Having returned to Rome, in 1873 Fortuny focused on Arab themes using a more synthetic technique (Arab leaning against a Tapestry and Arab Fantasia outside the Gate of Tangiers), looked at the reality of daily life (Carnival on the Corso, Rome), and completed various genre paintings he had started some years before, such as The Choice of a Model. A period spent that year in Portici near Naples offered him a direct contact with nature which brought a new awareness of local colour and coloured shadows to his paintings of nude children on the beach (including a group of four, two never previously exhibited), and to his landscapes such as Street in Granatello, Portici and Neapolitan Landscape, recently acquired by the Prado. Fortuny’s watercolours are seen at their best in two examples of Landscape at Portici from this period (one exhibited for the first time), and in his portraits of Cecilia de Madrazo and Emma Zaragoza.

The participation of major institutions around the world has ensured the outstanding quality of this exhibition. The special collaboration with the Museo Fortuny in Venice and the Museu Nacional d’Art de Catalunya has been particularly important due to the large number of loans from those museums.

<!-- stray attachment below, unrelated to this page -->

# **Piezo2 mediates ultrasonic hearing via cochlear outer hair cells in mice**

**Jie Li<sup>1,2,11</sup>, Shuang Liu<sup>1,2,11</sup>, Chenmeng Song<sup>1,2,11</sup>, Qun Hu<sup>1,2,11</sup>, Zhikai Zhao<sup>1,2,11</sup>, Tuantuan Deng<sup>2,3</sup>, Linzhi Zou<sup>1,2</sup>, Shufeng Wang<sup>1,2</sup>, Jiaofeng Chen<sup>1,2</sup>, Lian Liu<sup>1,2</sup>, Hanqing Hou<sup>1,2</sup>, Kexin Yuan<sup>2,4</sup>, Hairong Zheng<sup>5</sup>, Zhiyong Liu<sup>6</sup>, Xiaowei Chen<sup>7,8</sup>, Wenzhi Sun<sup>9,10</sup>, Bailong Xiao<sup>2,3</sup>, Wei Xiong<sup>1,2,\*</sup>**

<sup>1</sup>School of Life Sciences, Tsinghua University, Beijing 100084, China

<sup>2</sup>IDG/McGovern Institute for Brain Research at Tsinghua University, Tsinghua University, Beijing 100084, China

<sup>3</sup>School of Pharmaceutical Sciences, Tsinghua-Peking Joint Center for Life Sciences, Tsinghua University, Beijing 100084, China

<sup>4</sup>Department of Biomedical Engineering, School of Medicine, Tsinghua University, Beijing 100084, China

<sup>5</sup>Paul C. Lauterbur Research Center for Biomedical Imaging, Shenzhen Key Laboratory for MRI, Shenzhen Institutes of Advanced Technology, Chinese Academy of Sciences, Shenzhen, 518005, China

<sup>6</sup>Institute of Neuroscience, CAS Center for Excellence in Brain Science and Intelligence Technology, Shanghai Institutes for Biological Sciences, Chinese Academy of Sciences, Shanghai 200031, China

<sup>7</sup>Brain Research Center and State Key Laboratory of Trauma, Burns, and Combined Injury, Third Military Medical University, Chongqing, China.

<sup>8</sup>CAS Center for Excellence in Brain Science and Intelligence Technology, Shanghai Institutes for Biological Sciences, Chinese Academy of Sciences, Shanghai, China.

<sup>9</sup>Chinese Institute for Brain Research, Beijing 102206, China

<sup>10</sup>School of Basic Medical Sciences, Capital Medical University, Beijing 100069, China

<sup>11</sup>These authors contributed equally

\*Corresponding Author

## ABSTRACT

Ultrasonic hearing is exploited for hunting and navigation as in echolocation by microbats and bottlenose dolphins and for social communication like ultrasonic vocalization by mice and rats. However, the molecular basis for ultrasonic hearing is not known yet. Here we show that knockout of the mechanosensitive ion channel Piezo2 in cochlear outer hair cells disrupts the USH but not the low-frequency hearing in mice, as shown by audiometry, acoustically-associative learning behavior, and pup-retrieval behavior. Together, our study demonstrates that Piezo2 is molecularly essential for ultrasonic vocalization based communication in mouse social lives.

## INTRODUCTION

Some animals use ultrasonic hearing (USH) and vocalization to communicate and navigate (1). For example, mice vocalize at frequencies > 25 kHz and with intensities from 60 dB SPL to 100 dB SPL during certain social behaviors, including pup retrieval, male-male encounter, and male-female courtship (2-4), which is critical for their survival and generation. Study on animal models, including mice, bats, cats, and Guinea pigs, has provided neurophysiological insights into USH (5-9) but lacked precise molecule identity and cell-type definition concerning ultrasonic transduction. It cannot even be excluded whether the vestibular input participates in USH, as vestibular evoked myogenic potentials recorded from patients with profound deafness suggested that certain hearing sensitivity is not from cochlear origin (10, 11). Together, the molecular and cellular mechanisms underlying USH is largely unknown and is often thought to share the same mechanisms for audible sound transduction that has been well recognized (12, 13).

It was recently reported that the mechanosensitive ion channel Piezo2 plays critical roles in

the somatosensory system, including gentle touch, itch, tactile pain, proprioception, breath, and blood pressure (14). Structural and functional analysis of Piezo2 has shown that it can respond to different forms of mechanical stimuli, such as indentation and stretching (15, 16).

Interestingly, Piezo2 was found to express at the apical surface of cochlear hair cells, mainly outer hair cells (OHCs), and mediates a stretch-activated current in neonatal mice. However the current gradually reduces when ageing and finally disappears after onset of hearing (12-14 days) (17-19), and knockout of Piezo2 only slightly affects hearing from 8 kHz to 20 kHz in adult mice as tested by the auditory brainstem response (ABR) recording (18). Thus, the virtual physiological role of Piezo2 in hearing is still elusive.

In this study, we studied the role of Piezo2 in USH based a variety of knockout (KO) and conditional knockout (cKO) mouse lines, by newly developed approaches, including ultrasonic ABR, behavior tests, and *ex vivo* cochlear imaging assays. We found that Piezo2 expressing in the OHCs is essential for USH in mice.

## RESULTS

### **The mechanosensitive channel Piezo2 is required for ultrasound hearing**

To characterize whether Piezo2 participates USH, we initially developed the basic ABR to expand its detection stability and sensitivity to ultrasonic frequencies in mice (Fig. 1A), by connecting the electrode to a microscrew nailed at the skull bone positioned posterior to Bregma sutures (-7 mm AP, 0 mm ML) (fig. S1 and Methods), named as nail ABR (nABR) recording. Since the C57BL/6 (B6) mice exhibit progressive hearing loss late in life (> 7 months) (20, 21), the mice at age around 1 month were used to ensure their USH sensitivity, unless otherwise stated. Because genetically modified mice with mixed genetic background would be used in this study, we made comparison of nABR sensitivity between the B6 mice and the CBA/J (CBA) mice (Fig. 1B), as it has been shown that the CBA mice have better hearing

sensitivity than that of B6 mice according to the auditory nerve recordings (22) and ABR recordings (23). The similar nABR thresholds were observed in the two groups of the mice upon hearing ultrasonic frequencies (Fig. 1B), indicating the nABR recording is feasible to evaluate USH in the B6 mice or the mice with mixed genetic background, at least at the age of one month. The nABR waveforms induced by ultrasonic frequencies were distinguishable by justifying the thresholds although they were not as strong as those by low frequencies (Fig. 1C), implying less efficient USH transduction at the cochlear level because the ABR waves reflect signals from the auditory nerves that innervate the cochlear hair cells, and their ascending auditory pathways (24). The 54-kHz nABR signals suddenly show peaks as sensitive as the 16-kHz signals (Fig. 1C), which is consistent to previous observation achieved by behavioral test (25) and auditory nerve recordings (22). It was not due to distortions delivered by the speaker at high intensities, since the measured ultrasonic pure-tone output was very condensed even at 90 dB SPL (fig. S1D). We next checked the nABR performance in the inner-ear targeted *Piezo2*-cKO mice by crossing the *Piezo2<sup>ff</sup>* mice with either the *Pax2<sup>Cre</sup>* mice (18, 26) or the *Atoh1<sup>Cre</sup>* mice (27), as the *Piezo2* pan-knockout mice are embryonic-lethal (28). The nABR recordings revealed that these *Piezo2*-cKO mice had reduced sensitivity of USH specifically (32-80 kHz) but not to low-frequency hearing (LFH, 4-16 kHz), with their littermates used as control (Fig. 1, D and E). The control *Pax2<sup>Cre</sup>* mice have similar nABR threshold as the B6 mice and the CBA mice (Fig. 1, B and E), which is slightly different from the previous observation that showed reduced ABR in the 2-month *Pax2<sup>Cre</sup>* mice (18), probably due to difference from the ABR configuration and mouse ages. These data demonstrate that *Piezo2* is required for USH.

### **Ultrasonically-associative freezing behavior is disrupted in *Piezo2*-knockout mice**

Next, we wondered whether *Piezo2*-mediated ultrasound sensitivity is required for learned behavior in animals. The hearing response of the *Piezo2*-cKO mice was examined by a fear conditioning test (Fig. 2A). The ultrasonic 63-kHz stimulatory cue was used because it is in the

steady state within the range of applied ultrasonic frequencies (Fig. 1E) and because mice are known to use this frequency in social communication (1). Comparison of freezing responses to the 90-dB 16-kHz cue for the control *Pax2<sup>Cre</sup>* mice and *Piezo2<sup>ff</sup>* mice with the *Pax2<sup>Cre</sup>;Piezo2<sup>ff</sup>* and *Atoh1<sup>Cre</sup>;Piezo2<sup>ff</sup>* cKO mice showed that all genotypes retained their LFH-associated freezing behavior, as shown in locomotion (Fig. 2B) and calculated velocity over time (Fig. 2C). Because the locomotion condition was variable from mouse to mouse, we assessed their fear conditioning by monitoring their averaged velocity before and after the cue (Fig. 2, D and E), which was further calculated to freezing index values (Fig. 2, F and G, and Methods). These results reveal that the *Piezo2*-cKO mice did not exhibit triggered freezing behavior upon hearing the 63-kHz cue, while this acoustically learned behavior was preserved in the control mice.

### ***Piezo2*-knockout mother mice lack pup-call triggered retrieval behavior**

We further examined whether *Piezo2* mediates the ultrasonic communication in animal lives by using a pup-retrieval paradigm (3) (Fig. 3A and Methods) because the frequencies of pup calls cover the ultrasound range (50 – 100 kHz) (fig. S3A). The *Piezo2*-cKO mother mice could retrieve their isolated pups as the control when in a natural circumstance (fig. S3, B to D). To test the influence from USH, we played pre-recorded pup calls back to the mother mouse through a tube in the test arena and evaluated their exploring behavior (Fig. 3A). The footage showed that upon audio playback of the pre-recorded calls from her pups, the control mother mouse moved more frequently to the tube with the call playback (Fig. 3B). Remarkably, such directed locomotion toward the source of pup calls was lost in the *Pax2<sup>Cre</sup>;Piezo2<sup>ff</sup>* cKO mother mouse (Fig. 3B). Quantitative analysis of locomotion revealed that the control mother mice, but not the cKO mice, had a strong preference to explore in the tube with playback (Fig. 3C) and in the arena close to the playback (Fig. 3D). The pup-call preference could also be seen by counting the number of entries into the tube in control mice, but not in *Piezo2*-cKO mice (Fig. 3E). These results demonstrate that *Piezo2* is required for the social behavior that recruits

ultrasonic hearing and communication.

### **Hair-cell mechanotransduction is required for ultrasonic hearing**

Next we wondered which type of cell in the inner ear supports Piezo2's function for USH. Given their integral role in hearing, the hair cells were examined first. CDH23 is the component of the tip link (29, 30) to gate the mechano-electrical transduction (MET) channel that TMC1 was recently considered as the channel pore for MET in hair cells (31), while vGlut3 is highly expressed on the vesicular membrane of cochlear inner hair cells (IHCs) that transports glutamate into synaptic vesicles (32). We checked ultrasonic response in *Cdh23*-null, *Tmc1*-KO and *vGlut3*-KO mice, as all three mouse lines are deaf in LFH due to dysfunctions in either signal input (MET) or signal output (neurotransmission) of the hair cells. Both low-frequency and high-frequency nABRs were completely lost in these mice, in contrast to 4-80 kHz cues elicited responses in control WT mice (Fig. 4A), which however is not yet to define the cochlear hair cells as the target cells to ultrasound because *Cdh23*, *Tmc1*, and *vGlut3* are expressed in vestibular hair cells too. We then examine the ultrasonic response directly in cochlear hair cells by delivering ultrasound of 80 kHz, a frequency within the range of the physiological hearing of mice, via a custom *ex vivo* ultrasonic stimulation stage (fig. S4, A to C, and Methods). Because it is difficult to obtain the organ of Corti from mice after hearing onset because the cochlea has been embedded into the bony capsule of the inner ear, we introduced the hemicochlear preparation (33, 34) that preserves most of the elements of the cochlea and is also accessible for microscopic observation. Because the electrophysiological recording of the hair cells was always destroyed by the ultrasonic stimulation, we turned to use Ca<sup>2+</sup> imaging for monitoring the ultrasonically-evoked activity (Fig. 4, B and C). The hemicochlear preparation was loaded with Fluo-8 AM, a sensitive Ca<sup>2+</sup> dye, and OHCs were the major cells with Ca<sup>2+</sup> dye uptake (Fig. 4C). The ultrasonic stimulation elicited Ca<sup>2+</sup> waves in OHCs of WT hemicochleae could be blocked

Mariano Fortuny, who was born in Reus in 1838 and died in Rome in 1874, was the most internationally celebrated 19th-century Spanish artist. His early discovery of light and colour in the broad open spaces of the North African landscape led him to focus on working from life, free from academic convention. In addition, his study of the old masters in Rome and in the Museo del Prado gave Fortuny a profound appreciation of the essence of painting. The virtuosity of his technique, which allowed him to reproduce the textures colours of objects and figures and the reflections on them with a new visual intensity, earned him enormous international success from 1869 onwards. The time the artist spent in Granada (1870-72) and in Portici near Naples (1874) led on to new discoveries in the depiction of figures outdoors and to a unique and distinctive assimilation of different influences, including that of Japanese art, in the different techniques in which he worked. Fortuny’s contribution to watercolour, which was the most significant of the time, laid the way for the renewal of this technique in Spain, Italy and France and he himself treated it with a new freedom of stroke and chromatic intensity. As a draughtsman he captured the character of whatever lay before him through precise, immediate and eloquent strokes. His innovative approach to etching, based on a technique that emphasised nuances and values of light, made him the finest intaglio printmaker of the century after Goya. Finally, Fortuny’s activities as a collector, to which he applied his remarkable eye, allowed him to assemble an outstanding group of works, particularly Hispano-Moresque ones, which provided a source of ideas for his own creations. Installed in his atelier alonside his paintings, these works created an aesthetic environment that brought together art of the past with living creation in a new concept of the studio, close to the total work of art, which would become a model for his followers.